Variables designated as life stressors were evaluated and consisted of a recent family death, divorce, argument, financial problems, nursing home placement, becoming a burden on the family, involvement in crimes, property damage, and eviction. Review of case histories revealed that 35% (27 cases) of the victims experienced one or more of the aforementioned life stressors.


A great deal of research has been focused on suicide in the young, but the elderly are at the highest risk of suicide in many countries (4). More than 6000 elderly adults commit suicide each year, and in 1988, it was estimated there was an elderly person dying by suicide every 83 minutes (5). After a 40-year declining trend, the suicide rate in the 65-year and older age group has increased since 1980 (2). In 1992, this age group comprised about 13% of the population but accounted for approximately 20% of all suicides (2). The study of suicide in a population makes possible general associations between suicide scenarios and the personal characteristics of those individuals who kill themselves (6).

Rates of suicide for males increase with age and reach their highest levels in the oldest age groupings, whereas rates for females increase with age, peak in middle adulthood, and decline slightly with advancing age (5). Results of this study concur with national gender rates in that 85% of the victims were males. The race differs also in suicide victims. Rates for the white population increase with age and peak in older adulthood (5). The rates for nonwhite suicides peak in younger adulthood and decline to low levels in older adulthood (5). Ninety-four percent of the cases in the present study were white, whereas only five victims were black.

Firearms have become the most common suicide method in both elderly men and elderly women (1). In this study, 80.7% of the suicides were via gunshot wounds; of these, 84.1% were to the head. Review of the current cases in this study revealed that the .38 caliber revolver was the most common weapon used. Hanging, overdose, carbon monoxide poisoning, incised wounds, drowning, and fall from height accounted for only 19.3% of the cases. It has been reported that the elderly use more lethal means of committing suicide and are more successful with any given suicide attempt than are younger persons (1).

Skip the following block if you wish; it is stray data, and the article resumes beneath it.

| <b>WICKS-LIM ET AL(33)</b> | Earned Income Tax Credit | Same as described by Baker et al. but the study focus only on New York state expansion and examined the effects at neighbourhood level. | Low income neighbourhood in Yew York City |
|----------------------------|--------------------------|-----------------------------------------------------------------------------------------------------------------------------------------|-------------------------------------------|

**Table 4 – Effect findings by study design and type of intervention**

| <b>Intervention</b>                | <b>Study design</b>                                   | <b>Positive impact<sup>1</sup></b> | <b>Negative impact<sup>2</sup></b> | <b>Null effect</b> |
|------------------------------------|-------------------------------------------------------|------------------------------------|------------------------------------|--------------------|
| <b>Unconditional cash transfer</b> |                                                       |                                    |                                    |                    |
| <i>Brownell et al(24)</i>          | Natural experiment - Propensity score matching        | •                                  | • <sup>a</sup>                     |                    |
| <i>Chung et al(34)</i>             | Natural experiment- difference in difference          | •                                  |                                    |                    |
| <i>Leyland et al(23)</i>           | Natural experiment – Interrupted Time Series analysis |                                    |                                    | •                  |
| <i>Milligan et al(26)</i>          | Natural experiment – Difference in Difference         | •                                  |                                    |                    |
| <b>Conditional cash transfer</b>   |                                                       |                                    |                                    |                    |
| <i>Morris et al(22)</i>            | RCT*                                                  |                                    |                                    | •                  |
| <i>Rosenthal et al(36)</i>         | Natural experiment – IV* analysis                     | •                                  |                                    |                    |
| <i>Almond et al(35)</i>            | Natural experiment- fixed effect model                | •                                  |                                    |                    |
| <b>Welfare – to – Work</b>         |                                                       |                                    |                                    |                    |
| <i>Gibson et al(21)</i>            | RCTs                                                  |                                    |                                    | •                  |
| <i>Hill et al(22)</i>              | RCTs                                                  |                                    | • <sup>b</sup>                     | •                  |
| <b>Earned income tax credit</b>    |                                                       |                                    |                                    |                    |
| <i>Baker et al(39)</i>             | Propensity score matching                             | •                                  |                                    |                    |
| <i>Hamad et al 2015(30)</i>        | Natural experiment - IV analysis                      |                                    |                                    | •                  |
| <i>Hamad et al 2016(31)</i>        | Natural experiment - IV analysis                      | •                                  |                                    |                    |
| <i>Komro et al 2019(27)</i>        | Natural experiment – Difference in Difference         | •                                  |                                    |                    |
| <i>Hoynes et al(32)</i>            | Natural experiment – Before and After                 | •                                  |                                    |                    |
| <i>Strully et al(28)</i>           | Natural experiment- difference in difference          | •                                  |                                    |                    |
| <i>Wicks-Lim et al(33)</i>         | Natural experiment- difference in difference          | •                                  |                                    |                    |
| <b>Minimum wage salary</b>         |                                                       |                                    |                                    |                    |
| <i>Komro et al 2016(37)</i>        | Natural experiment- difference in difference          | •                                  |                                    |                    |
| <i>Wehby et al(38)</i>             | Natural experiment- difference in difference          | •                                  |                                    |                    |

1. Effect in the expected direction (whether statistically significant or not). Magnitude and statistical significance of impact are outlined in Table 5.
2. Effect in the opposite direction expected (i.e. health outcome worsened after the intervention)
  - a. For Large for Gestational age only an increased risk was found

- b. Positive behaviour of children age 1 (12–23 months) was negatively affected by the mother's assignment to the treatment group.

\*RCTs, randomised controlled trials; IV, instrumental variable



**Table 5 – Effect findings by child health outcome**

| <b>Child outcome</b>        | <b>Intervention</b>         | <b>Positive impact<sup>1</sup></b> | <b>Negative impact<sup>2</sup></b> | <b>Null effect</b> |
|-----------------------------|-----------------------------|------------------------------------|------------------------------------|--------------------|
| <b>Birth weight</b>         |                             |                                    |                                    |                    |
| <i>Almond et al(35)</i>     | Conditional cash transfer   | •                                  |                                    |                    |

Older persons have more physical illnesses than do younger persons, and our results show that 46% of the victims had a chronic or debilitating disease and that 20% had a premortem diagnosis of a malignancy. The most common cancer was adenocarcinoma of the prostate. Studies have shown that physical illness is present in 25% to 75% of all suicide victims (7). In the current study, 26% had a documented psychiatric illness, with the majority suffering from depression. Both depression and many other psychiatric disorders are a significant risk factor for suicide in the elderly (8).